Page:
Top 5 Individual Seasons In Boston Red Sox History

The Boston Red Sox have gone through a very up-and-down history that goes back over one century. The first World Series took place in 1903 when the then-Boston Americans defeated the Pittsburgh Pirates in eight games. The “BoSox” proceeded to win four more championships by 1918, three of which were with a young Babe Ruth. Boston became the most successful baseball club for the league’s first 15 years.

Then came the “Curse of the Bambino,” the infamous sale of Ruth to the rival New York Yankees in 1919 that haunted Red Sox fans for decades. The sale sparked an 86-year championship drought for the Sox one of the longest title droughts in baseball history. The drought also contained two separate periods of 21-plus-straight seasons without a playoff appearance.

Boston has had a resurgence in the past two decades. The Red Sox ended their championship drought by winning the 2004 World Series, and have won three more titles since then. They are the only team to win four World Series titles in the 21st century.

Boston’s 86-year drought was sandwiched between two highly successful, championship-filled eras. They have nine World Series championships, 14 American League pennants, 10 division titles, and 25 postseason appearances in 117 seasons.

Drought or not, the Red Sox have had players put together historic individual seasons all throughout its history. To give you an idea of how unreal these seasons were, we decided to rank the top five individual seasons in Boston Red Sox history.

There were a ton of remarkable seasons left off the board, including Babe Ruth in 1919 and Roger Clemens in 1986 and 1990, but I can assure you that you will be astonished and pleased by this list.

These legendary individual seasons have been driven by individual statistics and accolades, team success, records, and narrative.

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5. Wade Boggs, 1987

Wade Boggs was a quality pure hitter throughout his career. Hitting the ball and getting on base were his strong suits. But something happened to Boggs in 1987 that made him evolve into a slugger.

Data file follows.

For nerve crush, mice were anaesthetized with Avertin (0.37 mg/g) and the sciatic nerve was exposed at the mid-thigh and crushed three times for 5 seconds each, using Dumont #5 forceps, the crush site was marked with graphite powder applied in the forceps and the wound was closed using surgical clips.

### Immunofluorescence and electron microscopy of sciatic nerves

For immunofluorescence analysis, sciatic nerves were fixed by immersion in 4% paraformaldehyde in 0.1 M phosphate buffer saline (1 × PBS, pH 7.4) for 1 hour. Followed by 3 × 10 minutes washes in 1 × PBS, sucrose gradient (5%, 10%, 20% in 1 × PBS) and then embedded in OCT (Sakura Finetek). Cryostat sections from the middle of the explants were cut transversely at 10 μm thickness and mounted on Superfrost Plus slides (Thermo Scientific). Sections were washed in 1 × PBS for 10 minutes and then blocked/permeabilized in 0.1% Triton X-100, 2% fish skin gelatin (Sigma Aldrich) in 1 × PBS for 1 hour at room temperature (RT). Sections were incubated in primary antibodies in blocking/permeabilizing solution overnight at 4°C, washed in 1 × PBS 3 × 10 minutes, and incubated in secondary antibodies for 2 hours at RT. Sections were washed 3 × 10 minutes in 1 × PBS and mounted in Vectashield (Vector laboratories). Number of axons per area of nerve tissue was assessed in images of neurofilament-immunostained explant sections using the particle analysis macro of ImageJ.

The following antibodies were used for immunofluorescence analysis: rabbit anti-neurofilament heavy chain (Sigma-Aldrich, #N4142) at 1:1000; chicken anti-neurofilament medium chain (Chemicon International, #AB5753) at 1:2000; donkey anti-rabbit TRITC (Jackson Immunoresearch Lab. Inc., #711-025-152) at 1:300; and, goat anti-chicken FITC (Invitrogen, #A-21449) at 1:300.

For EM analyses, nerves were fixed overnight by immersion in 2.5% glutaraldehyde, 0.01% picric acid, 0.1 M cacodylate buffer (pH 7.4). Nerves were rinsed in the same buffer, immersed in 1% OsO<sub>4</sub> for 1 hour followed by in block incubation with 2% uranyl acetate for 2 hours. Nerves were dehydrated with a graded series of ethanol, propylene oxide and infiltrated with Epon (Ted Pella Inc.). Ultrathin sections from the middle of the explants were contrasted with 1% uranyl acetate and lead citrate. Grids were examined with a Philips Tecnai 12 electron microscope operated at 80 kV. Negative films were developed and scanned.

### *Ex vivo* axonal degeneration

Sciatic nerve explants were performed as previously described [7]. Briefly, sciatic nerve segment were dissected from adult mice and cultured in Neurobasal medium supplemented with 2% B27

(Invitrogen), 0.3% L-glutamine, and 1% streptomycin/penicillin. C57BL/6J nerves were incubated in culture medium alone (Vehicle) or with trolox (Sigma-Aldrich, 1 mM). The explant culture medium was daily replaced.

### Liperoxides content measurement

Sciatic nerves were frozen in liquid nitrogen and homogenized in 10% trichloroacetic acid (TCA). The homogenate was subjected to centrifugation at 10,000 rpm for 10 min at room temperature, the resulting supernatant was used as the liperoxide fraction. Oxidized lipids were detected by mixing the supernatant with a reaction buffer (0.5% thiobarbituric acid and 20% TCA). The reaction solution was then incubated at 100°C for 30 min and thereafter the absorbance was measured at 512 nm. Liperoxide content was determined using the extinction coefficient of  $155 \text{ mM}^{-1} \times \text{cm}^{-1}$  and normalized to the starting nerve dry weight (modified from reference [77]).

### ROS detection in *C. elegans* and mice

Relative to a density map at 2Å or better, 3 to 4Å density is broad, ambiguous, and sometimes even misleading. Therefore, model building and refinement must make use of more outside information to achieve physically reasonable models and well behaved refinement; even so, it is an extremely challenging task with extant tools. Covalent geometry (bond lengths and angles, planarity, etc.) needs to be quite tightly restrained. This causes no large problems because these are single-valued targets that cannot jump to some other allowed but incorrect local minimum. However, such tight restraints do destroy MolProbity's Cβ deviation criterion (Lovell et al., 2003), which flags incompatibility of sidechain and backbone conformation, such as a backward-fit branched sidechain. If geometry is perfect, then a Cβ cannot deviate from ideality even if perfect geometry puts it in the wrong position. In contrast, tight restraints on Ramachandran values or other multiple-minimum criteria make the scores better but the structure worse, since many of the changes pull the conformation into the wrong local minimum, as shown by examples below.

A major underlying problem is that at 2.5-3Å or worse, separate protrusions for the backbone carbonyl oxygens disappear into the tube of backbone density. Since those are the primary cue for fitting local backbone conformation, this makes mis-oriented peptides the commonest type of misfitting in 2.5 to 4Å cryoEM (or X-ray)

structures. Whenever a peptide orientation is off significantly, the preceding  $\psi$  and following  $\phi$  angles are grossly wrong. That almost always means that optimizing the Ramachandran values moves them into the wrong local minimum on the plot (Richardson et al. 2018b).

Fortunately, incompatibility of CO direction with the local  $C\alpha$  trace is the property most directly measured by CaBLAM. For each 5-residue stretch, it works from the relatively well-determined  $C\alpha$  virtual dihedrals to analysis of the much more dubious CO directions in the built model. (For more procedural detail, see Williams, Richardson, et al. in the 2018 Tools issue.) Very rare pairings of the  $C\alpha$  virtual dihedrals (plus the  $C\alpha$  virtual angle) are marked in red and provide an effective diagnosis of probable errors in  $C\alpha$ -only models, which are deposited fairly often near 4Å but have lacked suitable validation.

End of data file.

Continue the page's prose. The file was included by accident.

The third baseman’s anomalous 1987 season included 24 home runs and a slugging percentage of .588. For perspective, his second-highest home run count in a single season was 11 with the Yankees in 1994. Other than that, he never hit more than nine homers in another season.

He also led the Majors in batting average (.363), on-base percentage (.461), and a career-best OPS+ (174). Pitchers became so scared of his strengthened batting repertoire that they intentionally walked him a league-leading 19 times.

His breakout season was great enough for him to finish ninth in MVP voting and to become a Silver Slugger that season.

4. Mookie Betts, 2018

Mookie Betts showcased his diverse skill set at the highest level in 2018, when he had one of the most well-rounded seasons in history, as shown by his collection of awards.

The outfielder is the only player in MLB history to win the MVP, Silver Slugger, Gold Glove, the batting title, and World Series in the same season.

He carried the Red Sox to 108 wins in the regular season and to a World Series championship.

His 10.7 WAR is the second-best by a position player in franchise history, behind only fellow Boston great Carl Yastrzemski. He also led the Majors in batting average, runs, and slugging percentage. He smashed 32 homers and stole 30 bases, becoming just the second Red Sox player to join the 30-30 club, while also contributing 80 RBIs.

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3. Ted Williams, 1941